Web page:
‘Which Way to the Stage’ Review: Theater Buddies, With Claws Out

If you have ever fantasized about casting your favorite musical or ranked the actresses who have played Mrs. Lovett, chances are you will be familiar with Jeff and Judy. You might even be them.

We first meet the two besties by the stage door of the Richard Rodgers Theater. They are waiting, Playbills at the ready, for Idina Menzel — this is 2015, when Menzel was still headlining “If/Then” and stars occasionally met with fans after a performance (an activity now curtailed by the Covid-19 pandemic).

Judy (Sas Goldberg) and Jeff (Max Jenkins) are arguing over the respective merits of Bernadette Peters and Patti LuPone in “Gypsy,” and Ana Nogueira’s “Which Way to the Stage,” at MCC Theater, is off, its needle already close to the red zone. At least Jeff and Judy agree on one thing: either of those two stars is better than the one they refer to simply as “Imelda” (Staunton, unless Marcos also appeared in “Gypsy”). “Like a caricature of a caricature of a performance by my mother in the Temple Beth Israel talent show,” Judy says.

You might have sussed out by now that Judy is straight and Jeff is gay, and both have a way with quips.

Admittedly this is a fairly conventional setup, but Nogueira spins zippy fun out of it, the theater references are on point, and the director, Mike Donahue, imparts a nice screwball-comedy pace. Then come the variations on the theme.

Michelle Veintimilla, from far left, Evan Todd and Sas Goldberg at a drag performance by Max Jenkins’s character, Jeff.Credit…Richard Termine for The New York Times

The first is that, somewhat predictably, Judy and Jeff are actors themselves — though she makes a living as a real estate agent while he is a Crunch instructor with a drag gig on the side.

We also gradually realize that their friendship is heavy with barely contained resentment. Jeff lectures Judy when she uses a slur for gay men, only to casually dropdemeaning words for women. After she takes off during his drag tribute to Menzel, a wounded Jeff demands to know what she thought of his act. It is obvious the last thing he wants is an honest opinion, but he pressures Judy anyway.

“Which Way to the Stage” is about the performances people put on for themselves, their friends, family and potential loved ones, as well as the identities they hide behind. (Nogueira has experience both as a writer and an actor, with acting credits on such shows as “The Vampire Diaries” and the Starz series “Hightown.”)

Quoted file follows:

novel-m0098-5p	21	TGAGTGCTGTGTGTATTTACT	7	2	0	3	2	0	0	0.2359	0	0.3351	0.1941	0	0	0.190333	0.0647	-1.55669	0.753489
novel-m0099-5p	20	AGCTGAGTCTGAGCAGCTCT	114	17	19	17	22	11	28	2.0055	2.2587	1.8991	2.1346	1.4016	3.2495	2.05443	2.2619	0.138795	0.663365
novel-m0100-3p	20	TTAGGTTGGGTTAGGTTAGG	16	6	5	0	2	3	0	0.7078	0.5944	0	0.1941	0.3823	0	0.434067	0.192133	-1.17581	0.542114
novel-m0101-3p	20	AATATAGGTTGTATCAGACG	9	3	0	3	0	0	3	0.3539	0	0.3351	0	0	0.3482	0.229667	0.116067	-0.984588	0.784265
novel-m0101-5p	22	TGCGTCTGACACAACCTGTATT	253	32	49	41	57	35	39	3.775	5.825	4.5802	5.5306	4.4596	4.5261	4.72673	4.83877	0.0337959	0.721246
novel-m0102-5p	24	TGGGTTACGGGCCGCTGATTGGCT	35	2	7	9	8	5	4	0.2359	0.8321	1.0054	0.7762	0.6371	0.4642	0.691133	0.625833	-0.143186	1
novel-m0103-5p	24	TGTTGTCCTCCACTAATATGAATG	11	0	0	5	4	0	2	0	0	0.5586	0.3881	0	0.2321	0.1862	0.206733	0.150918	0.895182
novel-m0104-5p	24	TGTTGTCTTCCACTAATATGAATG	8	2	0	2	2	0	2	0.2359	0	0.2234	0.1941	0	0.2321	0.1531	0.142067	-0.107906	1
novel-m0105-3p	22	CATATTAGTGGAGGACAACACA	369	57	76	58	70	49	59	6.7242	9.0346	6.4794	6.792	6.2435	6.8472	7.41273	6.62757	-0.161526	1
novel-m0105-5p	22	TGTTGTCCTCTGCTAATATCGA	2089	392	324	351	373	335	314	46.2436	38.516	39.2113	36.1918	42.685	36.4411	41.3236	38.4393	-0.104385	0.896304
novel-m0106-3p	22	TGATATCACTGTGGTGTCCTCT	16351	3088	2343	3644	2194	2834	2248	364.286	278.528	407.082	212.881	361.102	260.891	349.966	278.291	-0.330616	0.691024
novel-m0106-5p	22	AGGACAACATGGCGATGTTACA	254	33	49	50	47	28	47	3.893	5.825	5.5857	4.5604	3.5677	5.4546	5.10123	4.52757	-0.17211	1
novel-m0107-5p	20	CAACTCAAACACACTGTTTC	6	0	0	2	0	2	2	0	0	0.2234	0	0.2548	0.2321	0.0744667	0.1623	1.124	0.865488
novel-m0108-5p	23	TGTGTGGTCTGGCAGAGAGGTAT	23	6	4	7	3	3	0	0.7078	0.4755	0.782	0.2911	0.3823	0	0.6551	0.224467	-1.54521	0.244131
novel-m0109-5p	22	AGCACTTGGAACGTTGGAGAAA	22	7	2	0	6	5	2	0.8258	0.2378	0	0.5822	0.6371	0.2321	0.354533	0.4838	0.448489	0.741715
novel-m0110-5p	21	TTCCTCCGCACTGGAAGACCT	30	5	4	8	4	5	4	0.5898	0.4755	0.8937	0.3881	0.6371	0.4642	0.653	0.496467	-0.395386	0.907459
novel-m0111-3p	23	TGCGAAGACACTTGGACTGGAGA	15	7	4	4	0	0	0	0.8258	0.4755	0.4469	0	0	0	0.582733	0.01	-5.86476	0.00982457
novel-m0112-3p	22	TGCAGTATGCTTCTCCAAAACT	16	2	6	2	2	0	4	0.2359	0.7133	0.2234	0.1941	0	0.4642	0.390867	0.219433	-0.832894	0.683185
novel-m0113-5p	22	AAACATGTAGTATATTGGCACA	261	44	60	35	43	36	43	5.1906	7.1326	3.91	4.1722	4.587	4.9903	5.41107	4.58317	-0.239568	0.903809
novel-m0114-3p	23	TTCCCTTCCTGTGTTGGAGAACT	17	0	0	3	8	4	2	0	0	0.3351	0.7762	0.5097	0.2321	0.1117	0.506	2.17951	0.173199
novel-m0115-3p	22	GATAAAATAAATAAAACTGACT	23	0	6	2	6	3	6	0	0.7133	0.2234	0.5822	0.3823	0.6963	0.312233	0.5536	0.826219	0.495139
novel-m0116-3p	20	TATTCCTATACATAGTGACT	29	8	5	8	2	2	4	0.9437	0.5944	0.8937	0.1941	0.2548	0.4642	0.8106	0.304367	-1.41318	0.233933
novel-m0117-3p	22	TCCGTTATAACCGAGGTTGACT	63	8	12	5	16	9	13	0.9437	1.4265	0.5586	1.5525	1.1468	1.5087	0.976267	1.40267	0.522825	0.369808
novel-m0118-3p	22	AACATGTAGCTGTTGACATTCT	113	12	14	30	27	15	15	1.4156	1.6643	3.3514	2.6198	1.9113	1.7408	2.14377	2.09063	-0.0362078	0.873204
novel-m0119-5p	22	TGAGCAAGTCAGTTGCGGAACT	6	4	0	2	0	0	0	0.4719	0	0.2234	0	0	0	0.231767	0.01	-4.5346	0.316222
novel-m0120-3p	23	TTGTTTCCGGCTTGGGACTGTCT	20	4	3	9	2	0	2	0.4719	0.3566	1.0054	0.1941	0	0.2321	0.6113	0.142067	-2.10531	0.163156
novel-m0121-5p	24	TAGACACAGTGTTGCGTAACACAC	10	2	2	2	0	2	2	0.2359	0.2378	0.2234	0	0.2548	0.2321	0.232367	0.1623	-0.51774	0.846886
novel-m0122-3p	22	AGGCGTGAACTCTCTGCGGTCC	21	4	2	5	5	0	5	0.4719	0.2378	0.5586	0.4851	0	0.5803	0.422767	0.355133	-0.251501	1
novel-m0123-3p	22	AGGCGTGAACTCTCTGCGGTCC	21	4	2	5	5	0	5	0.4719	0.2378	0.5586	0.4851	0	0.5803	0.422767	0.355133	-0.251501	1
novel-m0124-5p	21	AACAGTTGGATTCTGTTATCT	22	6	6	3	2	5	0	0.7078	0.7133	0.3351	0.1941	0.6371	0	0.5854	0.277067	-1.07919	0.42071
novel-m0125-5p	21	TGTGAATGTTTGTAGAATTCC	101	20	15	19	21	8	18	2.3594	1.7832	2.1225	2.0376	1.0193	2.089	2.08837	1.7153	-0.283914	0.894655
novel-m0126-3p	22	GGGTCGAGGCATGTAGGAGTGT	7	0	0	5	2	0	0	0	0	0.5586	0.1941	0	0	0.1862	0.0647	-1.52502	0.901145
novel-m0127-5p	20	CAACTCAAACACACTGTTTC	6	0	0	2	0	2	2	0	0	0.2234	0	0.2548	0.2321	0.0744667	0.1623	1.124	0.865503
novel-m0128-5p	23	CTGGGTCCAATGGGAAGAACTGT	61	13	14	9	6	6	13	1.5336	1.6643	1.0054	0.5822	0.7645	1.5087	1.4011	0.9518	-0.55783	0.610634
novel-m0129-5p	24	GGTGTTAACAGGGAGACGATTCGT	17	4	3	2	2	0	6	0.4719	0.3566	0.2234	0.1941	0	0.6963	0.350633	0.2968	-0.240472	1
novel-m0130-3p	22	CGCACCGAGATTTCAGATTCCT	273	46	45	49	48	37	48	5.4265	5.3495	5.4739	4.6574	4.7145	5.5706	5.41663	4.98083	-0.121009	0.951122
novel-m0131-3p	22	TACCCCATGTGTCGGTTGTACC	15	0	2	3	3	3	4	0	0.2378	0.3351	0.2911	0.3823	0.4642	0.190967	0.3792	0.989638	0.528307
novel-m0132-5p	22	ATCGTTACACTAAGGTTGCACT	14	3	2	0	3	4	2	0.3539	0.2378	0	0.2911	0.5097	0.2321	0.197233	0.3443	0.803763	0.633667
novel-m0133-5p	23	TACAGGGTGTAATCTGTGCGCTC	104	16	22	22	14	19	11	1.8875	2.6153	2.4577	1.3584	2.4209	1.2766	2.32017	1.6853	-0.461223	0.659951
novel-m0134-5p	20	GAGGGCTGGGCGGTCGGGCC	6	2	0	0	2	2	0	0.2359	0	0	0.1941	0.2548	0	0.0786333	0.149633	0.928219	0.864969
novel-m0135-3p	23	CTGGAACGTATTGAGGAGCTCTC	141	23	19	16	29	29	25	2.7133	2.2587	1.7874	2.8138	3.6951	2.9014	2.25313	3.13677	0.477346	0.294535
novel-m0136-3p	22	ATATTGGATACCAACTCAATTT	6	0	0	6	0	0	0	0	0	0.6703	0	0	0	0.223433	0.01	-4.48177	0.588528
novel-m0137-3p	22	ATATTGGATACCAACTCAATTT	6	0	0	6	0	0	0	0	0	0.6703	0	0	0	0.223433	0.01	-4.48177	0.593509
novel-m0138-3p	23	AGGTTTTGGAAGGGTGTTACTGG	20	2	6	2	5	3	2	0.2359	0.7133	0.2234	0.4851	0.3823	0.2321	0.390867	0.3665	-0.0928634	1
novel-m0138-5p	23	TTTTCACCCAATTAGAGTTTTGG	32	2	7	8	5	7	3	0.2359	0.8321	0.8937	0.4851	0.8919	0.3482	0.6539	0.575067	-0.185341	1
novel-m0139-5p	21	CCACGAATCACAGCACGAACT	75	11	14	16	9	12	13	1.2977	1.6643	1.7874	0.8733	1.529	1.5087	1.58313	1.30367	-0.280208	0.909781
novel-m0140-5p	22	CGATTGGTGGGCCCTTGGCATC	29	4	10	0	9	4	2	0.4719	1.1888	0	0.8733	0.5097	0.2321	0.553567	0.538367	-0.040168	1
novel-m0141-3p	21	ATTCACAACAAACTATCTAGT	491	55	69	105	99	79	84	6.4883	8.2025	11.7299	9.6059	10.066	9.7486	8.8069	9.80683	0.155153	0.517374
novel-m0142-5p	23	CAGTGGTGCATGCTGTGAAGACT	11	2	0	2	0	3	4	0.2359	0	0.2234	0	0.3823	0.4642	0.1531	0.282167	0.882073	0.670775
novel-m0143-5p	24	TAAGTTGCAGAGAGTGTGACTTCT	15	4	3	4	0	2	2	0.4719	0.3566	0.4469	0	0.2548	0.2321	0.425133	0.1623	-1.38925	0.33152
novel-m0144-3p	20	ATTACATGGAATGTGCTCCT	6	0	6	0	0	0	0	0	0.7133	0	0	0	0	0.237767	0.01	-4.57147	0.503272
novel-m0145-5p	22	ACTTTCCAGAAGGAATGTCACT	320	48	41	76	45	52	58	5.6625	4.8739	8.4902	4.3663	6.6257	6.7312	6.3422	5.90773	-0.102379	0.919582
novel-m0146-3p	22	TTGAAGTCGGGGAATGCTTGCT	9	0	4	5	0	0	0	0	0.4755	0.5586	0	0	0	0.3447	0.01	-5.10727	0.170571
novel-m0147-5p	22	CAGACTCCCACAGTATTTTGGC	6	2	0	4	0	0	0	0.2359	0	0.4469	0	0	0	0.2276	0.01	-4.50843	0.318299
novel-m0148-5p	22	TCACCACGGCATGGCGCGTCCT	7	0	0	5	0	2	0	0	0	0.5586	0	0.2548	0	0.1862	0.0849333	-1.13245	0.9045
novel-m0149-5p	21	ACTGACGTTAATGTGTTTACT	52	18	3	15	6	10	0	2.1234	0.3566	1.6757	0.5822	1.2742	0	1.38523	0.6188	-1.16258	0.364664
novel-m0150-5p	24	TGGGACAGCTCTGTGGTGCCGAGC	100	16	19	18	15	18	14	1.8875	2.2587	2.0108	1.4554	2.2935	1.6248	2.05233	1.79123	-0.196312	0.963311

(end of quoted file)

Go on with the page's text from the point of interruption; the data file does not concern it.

This tension between who we are, who we think we are and the personas we project is especially fraught for actors, and it weighs heavily on Jeff and Judy. (Goldberg, a standout in “Moscow Moscow Moscow Moscow Moscow Moscow” and “Significant Other,” excels at suggesting hurt underneath sarcasm.) The veiled animosity between the two is brought to a head when they meet the handsome Mark (Evan Todd), who has the easygoing, insouciant charm of a born star — or at least someone who can live off his acting.

Under its avalanche of knowing jokes, “Which Way to the Stage” has serious matters on its mind, including the undercurrent of homophobia and misogyny that can suffuse the relationship between straight women and gay men. Nogueira’s writing is at its best when she lets anger bubble to the surface, but like Jeff and Judy with theater, it seems as if she can’t quite decide whether her play is, at heart, about love or cynicism.

“Which Way to the Stage” builds up to a conflagration that is the equivalent of an 11 o’clock number. But like many musicals, the show doesn’t know what to do with itself afterward, so it ends big with a move that feels like a Hail Mary pass. The attempt is fun to watch, but it also comes up short.

Which Way to the Stage
Through May 22 at MCC Theater, Manhattan; Running time: 1 hour 50 minutes.

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